Life is precious. Memories are to be passed on and held dear. So find the time when you are rested and clear headed to go ahead and yack and yack and tell all the stories you can think of–about you, your career, your adventures, your sorrows and your victories.

What if you’re forgetting more than you’re remembering these days?

Then spend this tender time with those you love. Tell them you love them–now.

Ask them to remember for you. Create a system of post-it notes, alarm clocks, and every memory helper gadget you can find. But more importantly, sit with your sweety, play with your dog–and just be present.

What if the diagnosis of Alzheimer’s comes after there’s much memory loss?

Then know as a caregiver that while your loved one may at times feel agitated and scared–Alzheimer’s is not physically painful. There is some pain at the end of life (but that’s related to the shutting down or bodily systems). The hardest part regarding pain is that late stage Alzheimer’s patients can suffer pain from another ailment and not be able to communicate it (such as a bladder infection, toothache, heart condition, etc).

Yes, Alzheimer’s is confusing (and that falls under emotional pain), I”m not belittling the ramifications of this disease and its impact on families in any way.

What can I do as a caregiver/loved one to help?

  • Be patient
  • Don’t get overly emotional–that’s scares them
  • Stay in charge–that makes them feel safe
  • Keep them safe
  • Take care of yourself, pace yourself–this could be along haul
  • Let them talk about deceased loved ones/careers/the war–and enjoy listening
  • Don’t get caught up in the million question game
  • Don’t take their outbursts seriously
  • Do what’s right and don’t let them manipulate you
  • Provide what they like as much as possible (likes will eventually fade)-food, music, art, sports
  • Introduce yourself and who you are–daughter, nurse, etc. every time you see them (If they’re forgetting who people are)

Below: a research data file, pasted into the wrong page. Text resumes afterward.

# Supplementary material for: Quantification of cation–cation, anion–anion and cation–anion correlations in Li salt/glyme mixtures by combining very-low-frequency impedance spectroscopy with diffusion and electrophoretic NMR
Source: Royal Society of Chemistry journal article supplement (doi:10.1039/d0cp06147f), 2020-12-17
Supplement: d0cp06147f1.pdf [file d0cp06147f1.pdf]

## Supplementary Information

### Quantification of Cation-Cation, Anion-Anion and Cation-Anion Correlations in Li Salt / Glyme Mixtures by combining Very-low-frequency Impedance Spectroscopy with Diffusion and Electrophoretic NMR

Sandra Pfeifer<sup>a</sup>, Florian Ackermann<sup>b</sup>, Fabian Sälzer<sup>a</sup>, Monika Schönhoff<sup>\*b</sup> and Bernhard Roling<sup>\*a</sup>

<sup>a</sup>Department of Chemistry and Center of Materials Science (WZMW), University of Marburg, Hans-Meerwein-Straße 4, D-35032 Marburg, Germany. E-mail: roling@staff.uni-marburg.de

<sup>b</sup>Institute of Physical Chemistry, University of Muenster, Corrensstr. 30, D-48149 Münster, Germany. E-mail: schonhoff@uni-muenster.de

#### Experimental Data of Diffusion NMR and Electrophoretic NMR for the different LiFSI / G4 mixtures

• Don’t be offended when they forget who you are to them–even if you’re their wife of 50 years
  • Don’t take it personal if another person, animal, or inanimate object seems to make them happier than you do–it’s just this wacky disease
  • Know that they love you even when they can’t verbalize it
  • Remember for them. Write their stories, sing their songs, play the music they loved when they were dating
  • Keep a watchful eye on them in the hospital and care facilities–no one will pay attention and catch mistakes more than a loved one
  • When the end comes, give them your verbal permission to let go
  • Stay up beat. They need you more than ever

Don’t get me wrong–I’m all for falling apart, so you’ll need to fall apart every now and then.

But fall apart in the closet, in the shower, in the car. Scream, cry, beat the steering wheel. This is a mean son of…, and you have every right to be angry at this disease. That’s important.

Then go on. Occupy your thoughts with a song, a new recipe, the color you’ll paint your bedroom next month. Don’t abandon your marriage or your kids or all your hobbies. You need a life (however small it may seem to shrink).

Don’t dwell on this disease–that’s giving it way too much power.

It is what it is.

Eventually, you’ll reconcile yourself to Alzheimer’s. You will if it hangs around enough to absolutely wear you out. Reconciliation isn’t the same as giving up. It’s about allowing.

You can fight it–beat your chest and beg–but it won’t let go.

So laugh at the crazies, hug and hold hands as much as you can. Scream and cry when you need to.

Create your own village of support, and be “okay.”

I don’t know where you are–if your loved one just got the news and you’re still reeling.

Or maybe you’re in your tenth year and your mom’s in a care facility and she has absolutely no connection to reality.

No matter which case, you can’t get to any level of peace without going through the fire.

You will find your way. You will have a good moment, an allowing moment here and there–when life and your loved one–and all that you’re going through is ironically, “okay.”

Oh, and about the gal who ran out of the conference crying?

I met her–and her mom walking through the mall last Christmas. She introduced me to her mom–with tenderness and pride.

I’m Carol O’Dell, and I wrote Mothering Mother: A Daughter’s Humorous and Heartbreaking Memoir. It’s available on Amazon and in bookstores.

I hope you’ve enjoyed this blog and will visit again.